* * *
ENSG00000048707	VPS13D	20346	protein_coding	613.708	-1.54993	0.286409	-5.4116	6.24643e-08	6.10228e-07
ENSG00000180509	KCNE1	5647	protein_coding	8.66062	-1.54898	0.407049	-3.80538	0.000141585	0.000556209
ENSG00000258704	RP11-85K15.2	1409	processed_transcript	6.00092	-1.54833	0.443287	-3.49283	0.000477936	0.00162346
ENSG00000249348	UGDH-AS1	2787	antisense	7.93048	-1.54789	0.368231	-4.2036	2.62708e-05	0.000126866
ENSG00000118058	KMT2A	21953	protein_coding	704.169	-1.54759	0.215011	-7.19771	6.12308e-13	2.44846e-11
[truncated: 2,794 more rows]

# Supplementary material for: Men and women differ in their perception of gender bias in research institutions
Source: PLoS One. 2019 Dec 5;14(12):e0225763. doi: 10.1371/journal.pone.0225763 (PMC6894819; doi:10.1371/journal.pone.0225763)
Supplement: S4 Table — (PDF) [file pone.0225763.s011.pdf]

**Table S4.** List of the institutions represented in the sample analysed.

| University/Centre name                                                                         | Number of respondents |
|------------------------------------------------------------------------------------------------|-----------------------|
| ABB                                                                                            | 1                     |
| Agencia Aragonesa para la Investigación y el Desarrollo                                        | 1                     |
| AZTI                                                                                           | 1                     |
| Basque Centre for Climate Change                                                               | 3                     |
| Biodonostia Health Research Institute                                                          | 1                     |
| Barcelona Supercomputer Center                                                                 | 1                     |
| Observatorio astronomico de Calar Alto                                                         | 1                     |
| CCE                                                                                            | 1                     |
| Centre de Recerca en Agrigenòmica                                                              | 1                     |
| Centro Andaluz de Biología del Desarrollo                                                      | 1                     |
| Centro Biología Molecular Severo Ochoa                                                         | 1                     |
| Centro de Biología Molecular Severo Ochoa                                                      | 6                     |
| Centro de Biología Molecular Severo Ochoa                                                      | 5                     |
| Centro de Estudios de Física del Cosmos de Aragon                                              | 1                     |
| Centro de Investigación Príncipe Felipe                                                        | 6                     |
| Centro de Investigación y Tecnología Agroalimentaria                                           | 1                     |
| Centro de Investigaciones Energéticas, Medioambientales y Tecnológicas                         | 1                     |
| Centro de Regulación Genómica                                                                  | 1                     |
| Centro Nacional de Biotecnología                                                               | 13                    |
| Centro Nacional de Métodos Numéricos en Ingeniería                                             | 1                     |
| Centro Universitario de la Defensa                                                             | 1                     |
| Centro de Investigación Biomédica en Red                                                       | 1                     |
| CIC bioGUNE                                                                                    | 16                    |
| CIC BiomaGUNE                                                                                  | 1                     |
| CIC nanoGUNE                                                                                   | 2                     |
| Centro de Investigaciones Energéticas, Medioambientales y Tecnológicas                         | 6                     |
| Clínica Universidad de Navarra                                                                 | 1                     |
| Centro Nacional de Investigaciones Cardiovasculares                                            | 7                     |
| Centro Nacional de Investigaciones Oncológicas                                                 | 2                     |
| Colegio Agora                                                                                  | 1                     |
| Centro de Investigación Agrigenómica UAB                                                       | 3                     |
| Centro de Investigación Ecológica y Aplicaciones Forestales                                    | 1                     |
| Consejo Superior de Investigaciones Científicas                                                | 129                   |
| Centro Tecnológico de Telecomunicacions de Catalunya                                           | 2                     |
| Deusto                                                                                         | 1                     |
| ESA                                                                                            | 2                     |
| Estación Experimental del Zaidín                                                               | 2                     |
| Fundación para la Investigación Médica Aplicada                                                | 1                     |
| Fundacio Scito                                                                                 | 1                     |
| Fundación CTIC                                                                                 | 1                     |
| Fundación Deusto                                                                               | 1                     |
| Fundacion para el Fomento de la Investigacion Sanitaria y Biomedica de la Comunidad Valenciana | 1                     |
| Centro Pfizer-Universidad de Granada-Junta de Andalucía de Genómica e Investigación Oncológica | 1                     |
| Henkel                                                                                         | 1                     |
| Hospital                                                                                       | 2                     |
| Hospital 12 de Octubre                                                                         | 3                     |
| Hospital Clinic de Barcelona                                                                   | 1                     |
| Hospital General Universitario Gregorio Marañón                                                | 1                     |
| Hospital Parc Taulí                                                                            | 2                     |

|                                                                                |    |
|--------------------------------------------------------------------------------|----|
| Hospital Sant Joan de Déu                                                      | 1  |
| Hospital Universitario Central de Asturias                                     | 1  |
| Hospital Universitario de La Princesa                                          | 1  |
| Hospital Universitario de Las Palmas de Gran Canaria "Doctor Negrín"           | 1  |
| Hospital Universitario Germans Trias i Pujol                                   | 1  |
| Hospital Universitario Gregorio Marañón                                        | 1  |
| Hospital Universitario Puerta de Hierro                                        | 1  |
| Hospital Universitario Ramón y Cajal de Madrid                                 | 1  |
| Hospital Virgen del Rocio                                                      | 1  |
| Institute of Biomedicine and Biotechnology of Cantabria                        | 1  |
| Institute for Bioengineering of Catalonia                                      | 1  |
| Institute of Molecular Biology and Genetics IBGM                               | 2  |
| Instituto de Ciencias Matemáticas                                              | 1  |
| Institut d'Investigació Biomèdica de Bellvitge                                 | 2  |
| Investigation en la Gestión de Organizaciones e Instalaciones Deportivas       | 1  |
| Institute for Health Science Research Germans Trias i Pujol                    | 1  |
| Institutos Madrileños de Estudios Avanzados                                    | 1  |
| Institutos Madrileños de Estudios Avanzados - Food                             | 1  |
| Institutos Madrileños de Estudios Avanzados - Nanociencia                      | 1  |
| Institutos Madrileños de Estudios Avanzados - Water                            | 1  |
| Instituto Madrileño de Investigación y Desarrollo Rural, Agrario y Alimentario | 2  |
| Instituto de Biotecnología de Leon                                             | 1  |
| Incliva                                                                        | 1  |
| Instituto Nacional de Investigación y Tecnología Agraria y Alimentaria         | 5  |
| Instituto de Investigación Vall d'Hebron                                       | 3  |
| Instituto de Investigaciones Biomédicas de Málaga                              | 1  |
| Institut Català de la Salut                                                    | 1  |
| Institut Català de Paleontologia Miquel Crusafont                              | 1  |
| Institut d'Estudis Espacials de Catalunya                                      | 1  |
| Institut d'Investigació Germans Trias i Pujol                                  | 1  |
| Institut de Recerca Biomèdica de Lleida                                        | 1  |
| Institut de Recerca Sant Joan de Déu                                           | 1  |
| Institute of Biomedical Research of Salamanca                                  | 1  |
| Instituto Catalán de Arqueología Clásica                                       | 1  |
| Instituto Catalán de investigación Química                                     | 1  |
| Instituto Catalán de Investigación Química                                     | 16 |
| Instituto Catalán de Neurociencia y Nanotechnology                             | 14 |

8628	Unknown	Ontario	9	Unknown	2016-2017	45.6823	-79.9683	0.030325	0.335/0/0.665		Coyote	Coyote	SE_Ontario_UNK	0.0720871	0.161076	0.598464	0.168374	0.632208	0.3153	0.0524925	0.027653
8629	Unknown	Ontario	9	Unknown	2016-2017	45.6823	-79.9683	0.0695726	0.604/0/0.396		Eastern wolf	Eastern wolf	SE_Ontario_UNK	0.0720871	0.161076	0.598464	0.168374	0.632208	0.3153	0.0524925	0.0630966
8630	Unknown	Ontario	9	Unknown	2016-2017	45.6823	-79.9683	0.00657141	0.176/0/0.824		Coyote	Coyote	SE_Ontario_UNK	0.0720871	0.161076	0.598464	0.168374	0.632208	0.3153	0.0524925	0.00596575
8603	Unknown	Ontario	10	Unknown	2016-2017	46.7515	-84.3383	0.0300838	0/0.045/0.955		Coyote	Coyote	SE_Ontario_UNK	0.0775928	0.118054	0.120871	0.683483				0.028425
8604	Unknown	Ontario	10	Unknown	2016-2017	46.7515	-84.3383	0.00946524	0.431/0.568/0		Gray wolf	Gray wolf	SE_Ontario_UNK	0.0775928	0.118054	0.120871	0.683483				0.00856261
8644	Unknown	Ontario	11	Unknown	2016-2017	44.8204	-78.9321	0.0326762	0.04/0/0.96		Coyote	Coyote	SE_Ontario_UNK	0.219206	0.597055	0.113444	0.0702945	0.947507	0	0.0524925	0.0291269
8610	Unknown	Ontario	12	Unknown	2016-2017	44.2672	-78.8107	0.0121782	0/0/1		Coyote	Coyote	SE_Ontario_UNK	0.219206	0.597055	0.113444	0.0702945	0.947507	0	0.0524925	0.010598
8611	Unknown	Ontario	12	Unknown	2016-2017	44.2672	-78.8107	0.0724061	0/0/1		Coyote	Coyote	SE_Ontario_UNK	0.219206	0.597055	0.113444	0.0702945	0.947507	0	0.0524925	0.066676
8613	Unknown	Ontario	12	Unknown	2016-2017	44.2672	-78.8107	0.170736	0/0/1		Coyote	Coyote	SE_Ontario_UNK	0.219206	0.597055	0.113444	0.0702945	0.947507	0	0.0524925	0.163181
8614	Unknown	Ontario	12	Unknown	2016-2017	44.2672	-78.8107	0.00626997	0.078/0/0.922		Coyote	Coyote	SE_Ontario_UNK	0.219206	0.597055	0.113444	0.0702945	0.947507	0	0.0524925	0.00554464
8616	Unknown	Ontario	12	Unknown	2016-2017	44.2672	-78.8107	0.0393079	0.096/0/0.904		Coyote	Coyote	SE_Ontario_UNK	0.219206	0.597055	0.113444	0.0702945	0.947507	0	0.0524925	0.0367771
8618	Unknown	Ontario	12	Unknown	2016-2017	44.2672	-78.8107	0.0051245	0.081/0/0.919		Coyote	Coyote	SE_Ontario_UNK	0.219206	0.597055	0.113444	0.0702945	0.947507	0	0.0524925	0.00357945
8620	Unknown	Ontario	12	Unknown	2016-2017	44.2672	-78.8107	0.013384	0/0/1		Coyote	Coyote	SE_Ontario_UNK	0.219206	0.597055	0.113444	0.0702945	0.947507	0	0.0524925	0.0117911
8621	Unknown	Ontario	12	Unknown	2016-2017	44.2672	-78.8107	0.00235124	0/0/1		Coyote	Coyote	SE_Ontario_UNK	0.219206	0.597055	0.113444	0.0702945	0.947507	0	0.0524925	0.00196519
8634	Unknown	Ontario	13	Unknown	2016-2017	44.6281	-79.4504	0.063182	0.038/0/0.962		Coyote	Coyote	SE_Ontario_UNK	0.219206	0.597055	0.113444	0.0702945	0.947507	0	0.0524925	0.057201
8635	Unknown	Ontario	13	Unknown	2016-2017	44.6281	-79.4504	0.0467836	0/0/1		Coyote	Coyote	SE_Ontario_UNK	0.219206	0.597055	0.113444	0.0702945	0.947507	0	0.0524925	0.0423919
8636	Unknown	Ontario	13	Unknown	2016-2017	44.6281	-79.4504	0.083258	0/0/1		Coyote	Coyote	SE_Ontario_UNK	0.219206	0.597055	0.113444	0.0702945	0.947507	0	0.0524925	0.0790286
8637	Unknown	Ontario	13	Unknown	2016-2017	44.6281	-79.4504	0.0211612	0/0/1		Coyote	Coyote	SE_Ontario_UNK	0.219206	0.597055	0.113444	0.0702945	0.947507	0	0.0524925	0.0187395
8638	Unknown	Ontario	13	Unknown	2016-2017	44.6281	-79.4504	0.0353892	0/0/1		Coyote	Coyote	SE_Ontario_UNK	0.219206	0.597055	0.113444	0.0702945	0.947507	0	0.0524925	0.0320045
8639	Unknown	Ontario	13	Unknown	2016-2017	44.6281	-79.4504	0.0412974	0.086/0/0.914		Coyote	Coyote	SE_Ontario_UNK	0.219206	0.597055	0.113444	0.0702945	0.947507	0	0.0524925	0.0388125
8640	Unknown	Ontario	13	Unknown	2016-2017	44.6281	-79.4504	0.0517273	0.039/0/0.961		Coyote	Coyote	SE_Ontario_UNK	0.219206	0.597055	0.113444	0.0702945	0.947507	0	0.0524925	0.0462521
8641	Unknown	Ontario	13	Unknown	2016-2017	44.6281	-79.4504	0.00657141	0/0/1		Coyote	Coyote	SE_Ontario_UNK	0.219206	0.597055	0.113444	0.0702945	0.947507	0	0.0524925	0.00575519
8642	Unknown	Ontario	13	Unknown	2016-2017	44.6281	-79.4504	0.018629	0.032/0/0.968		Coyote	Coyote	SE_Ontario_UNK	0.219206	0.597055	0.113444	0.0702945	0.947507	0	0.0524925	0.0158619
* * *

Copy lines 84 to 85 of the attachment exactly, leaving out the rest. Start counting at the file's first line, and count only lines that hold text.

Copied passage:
| Instituto Madrileño de Investigación y Desarrollo Rural, Agrario y Alimentario | 2  |
| Instituto de Biotecnología de Leon                                             | 1  |